Robert A. Carp is professor of political science at the University of Houston. He is coauthor ofPolicymaking and Politics in the Federal Courts; Politics and Judgment in Federal District Courts; the Federal Courts, fourth edition, with Ronald Stidham; and numerous articles on judicial process.
Ronald Stidham is professor emeritus of Government and Justice Studies at Appalachian State University. He is coauthor of The Federal Courts, Fifth Edition, with Robert A. Carp and Kenneth L. Manning; The State Courts, with Robert A. Carp and Kenneth L. Manning; and numerous articles in legal, social science, and criminal justice journals.
Kenneth L. Manning is professor of political science at the University of Massachusetts Dartmouth. He is coauthor with Robert A. Carp and Ronald Stidham of The Federal Courts (Fifth Edition) and The State Courts, and coeditor of Political Perspectives: Essays on Government and Politics. Manning's work on the politics of judicial decision-making and federal judicial selection have been published in a variety of journals.
Attorney and journalist Amy Bach spent eight years investigating the widespread courtroom failures that each day upend lives across America. What she found was an assembly-line approach to justice: a system that rewards mediocre advocacy, bypasses due process, and shortchanges both defendants and victims to keep the court calendar moving.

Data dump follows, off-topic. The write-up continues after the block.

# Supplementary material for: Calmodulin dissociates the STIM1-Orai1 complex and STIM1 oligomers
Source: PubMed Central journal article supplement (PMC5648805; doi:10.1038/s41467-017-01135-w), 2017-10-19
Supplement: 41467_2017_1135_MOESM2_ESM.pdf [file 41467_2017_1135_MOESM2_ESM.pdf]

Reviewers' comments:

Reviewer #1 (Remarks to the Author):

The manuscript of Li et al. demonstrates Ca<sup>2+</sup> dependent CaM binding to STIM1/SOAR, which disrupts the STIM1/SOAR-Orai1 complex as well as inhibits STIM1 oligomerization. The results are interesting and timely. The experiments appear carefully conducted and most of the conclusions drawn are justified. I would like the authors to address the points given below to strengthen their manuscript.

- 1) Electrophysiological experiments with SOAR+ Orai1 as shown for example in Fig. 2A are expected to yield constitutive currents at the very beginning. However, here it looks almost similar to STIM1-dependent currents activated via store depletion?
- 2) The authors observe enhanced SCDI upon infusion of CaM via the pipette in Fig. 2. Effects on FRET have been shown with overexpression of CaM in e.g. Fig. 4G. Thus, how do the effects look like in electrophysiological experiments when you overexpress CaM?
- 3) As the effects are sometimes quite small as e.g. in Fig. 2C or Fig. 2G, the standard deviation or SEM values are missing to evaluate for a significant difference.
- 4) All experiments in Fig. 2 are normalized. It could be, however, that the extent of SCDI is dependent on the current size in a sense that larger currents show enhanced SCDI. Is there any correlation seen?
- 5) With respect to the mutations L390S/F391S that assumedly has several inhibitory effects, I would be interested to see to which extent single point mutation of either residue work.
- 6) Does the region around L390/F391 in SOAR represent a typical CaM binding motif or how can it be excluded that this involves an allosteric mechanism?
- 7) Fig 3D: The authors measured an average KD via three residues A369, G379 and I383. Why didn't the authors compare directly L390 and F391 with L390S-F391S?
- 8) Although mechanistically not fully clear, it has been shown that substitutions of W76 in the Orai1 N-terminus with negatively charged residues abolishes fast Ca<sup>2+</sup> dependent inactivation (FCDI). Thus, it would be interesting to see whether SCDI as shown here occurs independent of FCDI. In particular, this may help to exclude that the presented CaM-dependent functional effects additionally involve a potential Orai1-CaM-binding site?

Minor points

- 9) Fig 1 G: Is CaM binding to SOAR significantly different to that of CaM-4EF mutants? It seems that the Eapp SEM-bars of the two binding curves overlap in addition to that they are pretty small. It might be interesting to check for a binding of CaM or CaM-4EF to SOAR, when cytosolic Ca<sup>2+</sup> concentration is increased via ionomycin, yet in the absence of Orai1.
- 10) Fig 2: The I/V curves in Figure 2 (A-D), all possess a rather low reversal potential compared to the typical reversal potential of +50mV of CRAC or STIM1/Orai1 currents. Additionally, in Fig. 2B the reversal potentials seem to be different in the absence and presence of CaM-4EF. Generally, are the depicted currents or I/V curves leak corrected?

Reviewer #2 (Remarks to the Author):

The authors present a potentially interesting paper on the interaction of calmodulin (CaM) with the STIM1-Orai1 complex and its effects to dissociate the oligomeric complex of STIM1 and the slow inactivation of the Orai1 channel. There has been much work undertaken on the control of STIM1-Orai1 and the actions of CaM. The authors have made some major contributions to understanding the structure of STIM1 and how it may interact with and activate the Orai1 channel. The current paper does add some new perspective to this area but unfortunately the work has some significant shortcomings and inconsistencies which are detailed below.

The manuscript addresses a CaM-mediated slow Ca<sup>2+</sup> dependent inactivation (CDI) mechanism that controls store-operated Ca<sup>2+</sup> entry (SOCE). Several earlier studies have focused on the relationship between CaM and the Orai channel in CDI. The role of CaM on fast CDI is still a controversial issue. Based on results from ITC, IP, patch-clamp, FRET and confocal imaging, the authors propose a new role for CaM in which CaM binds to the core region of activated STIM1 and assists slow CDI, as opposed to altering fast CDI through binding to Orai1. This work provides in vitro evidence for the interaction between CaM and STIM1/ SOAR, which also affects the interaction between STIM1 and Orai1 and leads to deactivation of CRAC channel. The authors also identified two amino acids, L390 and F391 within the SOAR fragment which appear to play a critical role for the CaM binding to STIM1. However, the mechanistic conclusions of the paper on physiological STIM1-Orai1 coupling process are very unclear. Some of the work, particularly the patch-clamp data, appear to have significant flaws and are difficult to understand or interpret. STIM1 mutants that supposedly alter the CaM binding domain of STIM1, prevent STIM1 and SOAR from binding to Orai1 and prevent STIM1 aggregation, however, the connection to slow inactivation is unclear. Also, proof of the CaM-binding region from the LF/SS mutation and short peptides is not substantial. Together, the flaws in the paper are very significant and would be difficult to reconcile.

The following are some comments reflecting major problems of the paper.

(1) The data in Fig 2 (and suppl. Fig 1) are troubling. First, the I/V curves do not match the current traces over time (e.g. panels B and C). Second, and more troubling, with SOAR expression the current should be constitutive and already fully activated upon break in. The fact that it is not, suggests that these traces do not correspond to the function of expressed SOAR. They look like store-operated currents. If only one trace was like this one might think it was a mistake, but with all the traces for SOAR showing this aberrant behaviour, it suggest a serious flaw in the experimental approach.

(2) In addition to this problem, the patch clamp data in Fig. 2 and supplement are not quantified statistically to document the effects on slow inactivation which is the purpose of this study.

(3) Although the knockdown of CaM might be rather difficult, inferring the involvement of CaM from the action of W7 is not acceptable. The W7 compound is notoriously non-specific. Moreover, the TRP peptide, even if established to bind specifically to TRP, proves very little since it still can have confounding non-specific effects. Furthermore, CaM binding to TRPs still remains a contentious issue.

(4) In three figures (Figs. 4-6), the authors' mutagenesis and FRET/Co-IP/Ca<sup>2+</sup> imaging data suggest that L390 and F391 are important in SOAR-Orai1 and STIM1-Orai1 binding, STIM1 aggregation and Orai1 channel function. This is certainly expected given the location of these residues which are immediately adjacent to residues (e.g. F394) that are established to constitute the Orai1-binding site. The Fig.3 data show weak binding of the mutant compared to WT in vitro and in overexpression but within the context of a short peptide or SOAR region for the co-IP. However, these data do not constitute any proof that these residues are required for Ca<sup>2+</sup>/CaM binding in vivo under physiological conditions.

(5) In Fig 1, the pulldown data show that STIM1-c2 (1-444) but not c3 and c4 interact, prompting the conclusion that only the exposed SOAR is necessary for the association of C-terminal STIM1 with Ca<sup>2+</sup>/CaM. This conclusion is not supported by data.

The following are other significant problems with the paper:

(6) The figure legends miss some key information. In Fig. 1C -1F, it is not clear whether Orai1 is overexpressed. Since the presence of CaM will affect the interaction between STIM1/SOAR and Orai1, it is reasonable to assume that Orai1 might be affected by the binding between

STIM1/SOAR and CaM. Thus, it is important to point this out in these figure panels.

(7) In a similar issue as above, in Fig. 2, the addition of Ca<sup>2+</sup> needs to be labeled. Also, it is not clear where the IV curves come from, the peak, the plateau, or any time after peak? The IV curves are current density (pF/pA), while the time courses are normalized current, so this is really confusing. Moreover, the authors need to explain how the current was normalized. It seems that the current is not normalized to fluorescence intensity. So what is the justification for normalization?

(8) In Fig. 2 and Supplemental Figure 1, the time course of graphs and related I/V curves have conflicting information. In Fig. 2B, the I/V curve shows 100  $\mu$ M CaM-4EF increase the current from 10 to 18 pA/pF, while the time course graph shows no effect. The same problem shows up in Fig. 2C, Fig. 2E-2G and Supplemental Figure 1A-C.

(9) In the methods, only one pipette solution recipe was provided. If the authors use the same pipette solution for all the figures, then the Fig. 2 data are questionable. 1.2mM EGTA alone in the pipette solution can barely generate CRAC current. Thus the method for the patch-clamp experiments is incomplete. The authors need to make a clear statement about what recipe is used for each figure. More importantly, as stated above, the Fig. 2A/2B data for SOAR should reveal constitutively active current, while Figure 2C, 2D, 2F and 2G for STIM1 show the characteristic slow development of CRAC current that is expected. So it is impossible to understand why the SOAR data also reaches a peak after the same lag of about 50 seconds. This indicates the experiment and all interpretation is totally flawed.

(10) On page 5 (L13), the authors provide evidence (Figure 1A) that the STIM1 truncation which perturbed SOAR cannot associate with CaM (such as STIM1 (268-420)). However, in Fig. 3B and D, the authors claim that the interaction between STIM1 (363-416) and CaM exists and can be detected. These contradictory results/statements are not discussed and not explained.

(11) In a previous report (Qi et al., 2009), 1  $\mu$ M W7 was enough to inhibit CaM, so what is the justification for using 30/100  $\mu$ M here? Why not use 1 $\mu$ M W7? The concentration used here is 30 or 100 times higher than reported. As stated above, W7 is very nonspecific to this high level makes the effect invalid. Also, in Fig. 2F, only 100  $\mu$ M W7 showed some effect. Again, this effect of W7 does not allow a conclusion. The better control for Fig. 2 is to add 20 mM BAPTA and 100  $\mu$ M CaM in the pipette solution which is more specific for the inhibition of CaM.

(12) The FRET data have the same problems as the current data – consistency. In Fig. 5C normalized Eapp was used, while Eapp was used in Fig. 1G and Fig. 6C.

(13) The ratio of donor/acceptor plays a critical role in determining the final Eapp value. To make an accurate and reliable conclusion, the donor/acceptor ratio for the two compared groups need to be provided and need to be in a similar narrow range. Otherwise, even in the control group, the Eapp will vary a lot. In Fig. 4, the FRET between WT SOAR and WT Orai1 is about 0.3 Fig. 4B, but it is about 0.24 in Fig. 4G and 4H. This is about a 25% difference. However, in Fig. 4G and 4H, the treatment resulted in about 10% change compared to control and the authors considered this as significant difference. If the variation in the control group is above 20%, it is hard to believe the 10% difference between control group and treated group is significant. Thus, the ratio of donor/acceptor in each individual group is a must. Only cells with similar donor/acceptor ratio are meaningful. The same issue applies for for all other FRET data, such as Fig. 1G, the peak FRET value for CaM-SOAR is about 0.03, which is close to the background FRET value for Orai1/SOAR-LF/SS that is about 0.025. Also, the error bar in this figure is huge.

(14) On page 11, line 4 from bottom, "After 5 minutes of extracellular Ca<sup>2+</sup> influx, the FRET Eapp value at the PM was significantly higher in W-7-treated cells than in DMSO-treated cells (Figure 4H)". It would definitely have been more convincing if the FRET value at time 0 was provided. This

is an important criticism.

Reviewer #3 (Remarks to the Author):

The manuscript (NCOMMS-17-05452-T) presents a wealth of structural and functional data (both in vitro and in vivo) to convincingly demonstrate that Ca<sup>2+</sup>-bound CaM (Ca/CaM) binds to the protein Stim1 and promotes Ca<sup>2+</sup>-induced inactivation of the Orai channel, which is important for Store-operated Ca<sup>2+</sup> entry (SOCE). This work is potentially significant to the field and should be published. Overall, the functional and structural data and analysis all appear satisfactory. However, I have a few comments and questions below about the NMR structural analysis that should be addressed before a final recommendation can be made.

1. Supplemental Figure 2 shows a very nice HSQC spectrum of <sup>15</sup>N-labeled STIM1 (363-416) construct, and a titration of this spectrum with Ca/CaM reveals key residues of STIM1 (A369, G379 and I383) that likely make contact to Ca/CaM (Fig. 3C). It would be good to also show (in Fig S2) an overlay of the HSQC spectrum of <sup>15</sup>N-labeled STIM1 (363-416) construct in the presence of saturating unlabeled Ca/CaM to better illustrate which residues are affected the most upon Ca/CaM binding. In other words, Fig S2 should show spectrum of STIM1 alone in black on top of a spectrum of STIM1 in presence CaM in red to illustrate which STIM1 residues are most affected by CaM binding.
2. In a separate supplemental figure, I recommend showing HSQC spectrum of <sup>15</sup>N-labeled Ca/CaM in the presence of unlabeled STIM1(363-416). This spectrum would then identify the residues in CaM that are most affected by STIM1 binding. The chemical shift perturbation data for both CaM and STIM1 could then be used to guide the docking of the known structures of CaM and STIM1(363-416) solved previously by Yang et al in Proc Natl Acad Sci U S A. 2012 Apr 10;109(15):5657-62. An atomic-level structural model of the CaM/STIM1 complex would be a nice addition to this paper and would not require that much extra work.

Here is the public defender who pleads most of his clients guilty with scant knowledge about their circumstances; the judge who sets outrageous bail for negligible crimes; the prosecutor who habitually declines to pursue significant cases; the court that works together to achieve a wrongful conviction. Going beyond the usual explanations of bad apples and meager funding, Ordinary Injustice reveals a clubby legal culture of compromise, and shows the tragic consequences that result when communities mistake the rules that lawyers play by for the rule of law. It is time, Bach argues, to institute a new method of checks and balances that will make injustice visible—the first and necessary step to reform.